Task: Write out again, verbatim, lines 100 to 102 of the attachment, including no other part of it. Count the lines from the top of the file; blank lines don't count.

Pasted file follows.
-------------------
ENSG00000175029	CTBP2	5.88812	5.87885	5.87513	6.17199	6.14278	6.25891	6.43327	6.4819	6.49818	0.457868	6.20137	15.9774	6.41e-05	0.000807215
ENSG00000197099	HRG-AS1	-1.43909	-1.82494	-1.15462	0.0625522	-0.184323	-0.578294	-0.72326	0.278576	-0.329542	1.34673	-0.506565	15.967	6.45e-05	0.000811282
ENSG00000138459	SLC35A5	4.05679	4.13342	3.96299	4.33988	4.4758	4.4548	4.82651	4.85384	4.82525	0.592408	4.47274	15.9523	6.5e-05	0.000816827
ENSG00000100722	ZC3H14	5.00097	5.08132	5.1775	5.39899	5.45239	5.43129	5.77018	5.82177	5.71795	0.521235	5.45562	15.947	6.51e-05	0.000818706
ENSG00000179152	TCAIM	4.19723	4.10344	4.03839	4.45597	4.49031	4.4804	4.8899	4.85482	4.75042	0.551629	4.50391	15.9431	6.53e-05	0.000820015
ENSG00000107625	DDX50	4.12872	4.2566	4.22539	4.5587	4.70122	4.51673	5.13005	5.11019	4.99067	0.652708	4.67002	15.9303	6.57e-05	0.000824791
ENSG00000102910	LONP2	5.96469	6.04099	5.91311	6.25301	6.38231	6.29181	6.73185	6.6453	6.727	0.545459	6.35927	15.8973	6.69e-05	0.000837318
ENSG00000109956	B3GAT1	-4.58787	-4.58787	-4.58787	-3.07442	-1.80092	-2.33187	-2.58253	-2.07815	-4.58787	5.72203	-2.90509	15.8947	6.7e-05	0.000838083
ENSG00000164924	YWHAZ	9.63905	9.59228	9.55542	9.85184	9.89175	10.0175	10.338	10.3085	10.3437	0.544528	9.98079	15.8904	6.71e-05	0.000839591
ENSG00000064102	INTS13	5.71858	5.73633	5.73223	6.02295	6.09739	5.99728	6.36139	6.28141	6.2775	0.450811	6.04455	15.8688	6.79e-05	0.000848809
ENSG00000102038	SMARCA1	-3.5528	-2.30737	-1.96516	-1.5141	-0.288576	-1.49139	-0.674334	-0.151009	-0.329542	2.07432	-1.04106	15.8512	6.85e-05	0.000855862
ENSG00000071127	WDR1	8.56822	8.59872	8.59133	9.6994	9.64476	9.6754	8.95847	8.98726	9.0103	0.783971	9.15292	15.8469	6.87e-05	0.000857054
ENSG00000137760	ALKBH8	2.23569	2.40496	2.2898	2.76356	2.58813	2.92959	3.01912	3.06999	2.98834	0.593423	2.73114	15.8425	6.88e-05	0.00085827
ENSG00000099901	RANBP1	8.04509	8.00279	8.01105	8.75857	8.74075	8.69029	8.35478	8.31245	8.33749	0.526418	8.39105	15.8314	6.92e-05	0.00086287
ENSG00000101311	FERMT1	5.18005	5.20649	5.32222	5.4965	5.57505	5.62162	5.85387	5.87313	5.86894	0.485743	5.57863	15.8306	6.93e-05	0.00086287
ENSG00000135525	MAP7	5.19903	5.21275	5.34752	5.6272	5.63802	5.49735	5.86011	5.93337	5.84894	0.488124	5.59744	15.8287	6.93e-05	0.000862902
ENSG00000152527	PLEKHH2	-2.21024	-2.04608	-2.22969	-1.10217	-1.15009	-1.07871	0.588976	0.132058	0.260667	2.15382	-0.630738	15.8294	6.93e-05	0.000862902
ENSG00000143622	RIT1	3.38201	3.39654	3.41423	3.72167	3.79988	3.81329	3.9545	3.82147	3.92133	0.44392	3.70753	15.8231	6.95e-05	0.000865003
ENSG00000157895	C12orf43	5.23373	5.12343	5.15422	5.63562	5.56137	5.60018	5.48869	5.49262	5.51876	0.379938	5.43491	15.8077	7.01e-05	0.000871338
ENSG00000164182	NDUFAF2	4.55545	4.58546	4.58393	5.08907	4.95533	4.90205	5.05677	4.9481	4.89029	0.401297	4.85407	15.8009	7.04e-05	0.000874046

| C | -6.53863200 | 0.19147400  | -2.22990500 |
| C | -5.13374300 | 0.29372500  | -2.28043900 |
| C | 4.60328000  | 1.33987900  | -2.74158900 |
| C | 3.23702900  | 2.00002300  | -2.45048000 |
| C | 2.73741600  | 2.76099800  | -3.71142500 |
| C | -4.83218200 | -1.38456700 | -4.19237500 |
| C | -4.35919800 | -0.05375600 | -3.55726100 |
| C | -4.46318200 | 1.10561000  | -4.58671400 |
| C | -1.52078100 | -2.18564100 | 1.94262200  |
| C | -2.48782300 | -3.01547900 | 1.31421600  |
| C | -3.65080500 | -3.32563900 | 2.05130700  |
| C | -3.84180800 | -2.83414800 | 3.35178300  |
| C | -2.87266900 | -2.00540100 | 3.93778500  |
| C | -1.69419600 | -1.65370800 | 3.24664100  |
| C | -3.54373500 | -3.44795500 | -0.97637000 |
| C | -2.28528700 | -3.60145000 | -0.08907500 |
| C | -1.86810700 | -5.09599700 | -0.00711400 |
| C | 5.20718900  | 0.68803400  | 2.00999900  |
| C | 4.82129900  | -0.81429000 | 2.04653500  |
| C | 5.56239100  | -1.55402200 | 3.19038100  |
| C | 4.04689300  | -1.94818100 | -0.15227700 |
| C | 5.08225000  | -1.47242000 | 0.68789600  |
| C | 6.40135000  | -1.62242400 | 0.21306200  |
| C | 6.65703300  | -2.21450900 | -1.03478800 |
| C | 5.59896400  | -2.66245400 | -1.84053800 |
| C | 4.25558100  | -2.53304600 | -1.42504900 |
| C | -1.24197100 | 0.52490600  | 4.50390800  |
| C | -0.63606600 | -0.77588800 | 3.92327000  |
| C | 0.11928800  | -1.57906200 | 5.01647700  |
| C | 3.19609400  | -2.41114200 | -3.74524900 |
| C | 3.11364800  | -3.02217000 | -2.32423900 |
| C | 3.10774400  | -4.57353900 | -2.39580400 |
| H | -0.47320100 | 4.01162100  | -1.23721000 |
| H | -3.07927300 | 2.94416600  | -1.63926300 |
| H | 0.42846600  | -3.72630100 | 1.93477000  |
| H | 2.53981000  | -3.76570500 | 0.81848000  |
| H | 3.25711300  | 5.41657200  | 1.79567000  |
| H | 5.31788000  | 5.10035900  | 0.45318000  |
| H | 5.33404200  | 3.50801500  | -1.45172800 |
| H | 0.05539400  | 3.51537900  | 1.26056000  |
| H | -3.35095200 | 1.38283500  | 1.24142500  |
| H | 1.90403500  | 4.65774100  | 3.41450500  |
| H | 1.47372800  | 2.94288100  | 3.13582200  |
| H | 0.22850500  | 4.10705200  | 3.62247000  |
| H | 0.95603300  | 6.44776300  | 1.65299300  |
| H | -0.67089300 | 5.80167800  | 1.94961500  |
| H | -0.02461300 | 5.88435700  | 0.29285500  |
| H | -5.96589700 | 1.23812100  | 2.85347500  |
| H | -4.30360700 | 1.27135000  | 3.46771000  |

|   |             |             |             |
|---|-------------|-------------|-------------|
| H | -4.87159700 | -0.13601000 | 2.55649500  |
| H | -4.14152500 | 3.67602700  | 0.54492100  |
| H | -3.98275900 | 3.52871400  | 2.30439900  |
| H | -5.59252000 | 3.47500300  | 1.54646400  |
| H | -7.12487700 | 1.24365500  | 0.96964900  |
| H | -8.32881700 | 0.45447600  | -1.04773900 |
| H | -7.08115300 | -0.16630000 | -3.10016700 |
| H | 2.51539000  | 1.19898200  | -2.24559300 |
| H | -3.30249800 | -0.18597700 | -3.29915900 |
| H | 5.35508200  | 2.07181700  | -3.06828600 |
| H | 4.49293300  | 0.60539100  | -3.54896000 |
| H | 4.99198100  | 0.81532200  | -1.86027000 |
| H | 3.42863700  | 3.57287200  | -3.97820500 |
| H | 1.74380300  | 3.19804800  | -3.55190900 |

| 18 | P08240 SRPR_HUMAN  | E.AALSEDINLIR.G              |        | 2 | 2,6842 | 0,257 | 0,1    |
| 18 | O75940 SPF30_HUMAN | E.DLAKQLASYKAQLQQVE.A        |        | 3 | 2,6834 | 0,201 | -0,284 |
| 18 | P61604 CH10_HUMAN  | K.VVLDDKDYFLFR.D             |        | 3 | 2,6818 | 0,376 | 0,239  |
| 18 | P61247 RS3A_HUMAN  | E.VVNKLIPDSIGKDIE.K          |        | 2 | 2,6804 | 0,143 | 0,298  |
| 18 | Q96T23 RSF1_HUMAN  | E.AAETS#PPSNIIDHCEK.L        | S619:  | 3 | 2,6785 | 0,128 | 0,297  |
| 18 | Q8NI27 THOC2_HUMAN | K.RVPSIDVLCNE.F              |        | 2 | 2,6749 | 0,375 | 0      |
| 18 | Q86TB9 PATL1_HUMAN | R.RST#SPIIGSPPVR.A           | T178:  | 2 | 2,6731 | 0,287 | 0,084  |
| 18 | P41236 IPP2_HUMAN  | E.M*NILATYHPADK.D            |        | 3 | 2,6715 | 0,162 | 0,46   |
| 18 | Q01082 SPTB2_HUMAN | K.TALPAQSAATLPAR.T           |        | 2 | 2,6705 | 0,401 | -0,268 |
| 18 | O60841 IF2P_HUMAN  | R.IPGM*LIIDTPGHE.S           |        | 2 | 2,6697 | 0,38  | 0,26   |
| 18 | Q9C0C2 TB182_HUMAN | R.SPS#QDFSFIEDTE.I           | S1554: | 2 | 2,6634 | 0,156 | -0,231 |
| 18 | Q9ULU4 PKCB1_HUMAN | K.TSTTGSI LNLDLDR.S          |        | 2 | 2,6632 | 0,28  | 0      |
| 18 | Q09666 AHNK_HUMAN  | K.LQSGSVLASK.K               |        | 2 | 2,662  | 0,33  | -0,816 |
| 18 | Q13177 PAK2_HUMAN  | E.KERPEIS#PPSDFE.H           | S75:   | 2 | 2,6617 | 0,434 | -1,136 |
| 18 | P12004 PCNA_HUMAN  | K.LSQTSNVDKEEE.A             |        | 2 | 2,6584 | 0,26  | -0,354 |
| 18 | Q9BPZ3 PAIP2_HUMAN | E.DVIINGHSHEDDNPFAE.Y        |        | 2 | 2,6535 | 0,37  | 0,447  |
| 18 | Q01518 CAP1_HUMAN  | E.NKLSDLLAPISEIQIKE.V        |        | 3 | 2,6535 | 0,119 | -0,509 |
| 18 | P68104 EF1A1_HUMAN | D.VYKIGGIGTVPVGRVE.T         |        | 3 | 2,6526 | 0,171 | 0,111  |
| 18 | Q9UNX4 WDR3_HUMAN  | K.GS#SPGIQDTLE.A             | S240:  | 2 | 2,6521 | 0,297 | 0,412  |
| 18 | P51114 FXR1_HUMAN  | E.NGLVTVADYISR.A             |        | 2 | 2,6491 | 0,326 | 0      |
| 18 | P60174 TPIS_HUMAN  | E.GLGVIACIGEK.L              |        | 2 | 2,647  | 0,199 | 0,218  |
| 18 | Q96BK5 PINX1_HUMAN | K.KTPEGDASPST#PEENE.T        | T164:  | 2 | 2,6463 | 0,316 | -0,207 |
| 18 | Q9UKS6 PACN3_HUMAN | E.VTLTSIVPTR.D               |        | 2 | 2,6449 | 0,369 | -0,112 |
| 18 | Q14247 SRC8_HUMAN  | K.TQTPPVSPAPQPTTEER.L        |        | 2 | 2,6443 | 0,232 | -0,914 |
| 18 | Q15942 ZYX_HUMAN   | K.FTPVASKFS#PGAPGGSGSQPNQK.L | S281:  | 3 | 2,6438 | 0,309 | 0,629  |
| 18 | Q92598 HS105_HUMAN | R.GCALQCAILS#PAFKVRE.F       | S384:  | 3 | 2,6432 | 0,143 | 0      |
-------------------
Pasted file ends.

| 18 | P12004 PCNA_HUMAN  | K.LSQTSNVDKEEE.A             |        | 2 | 2,6584 | 0,26  | -0,354 |
| 18 | Q9BPZ3 PAIP2_HUMAN | E.DVIINGHSHEDDNPFAE.Y        |        | 2 | 2,6535 | 0,37  | 0,447  |
| 18 | Q01518 CAP1_HUMAN  | E.NKLSDLLAPISEIQIKE.V        |        | 3 | 2,6535 | 0,119 | -0,509 |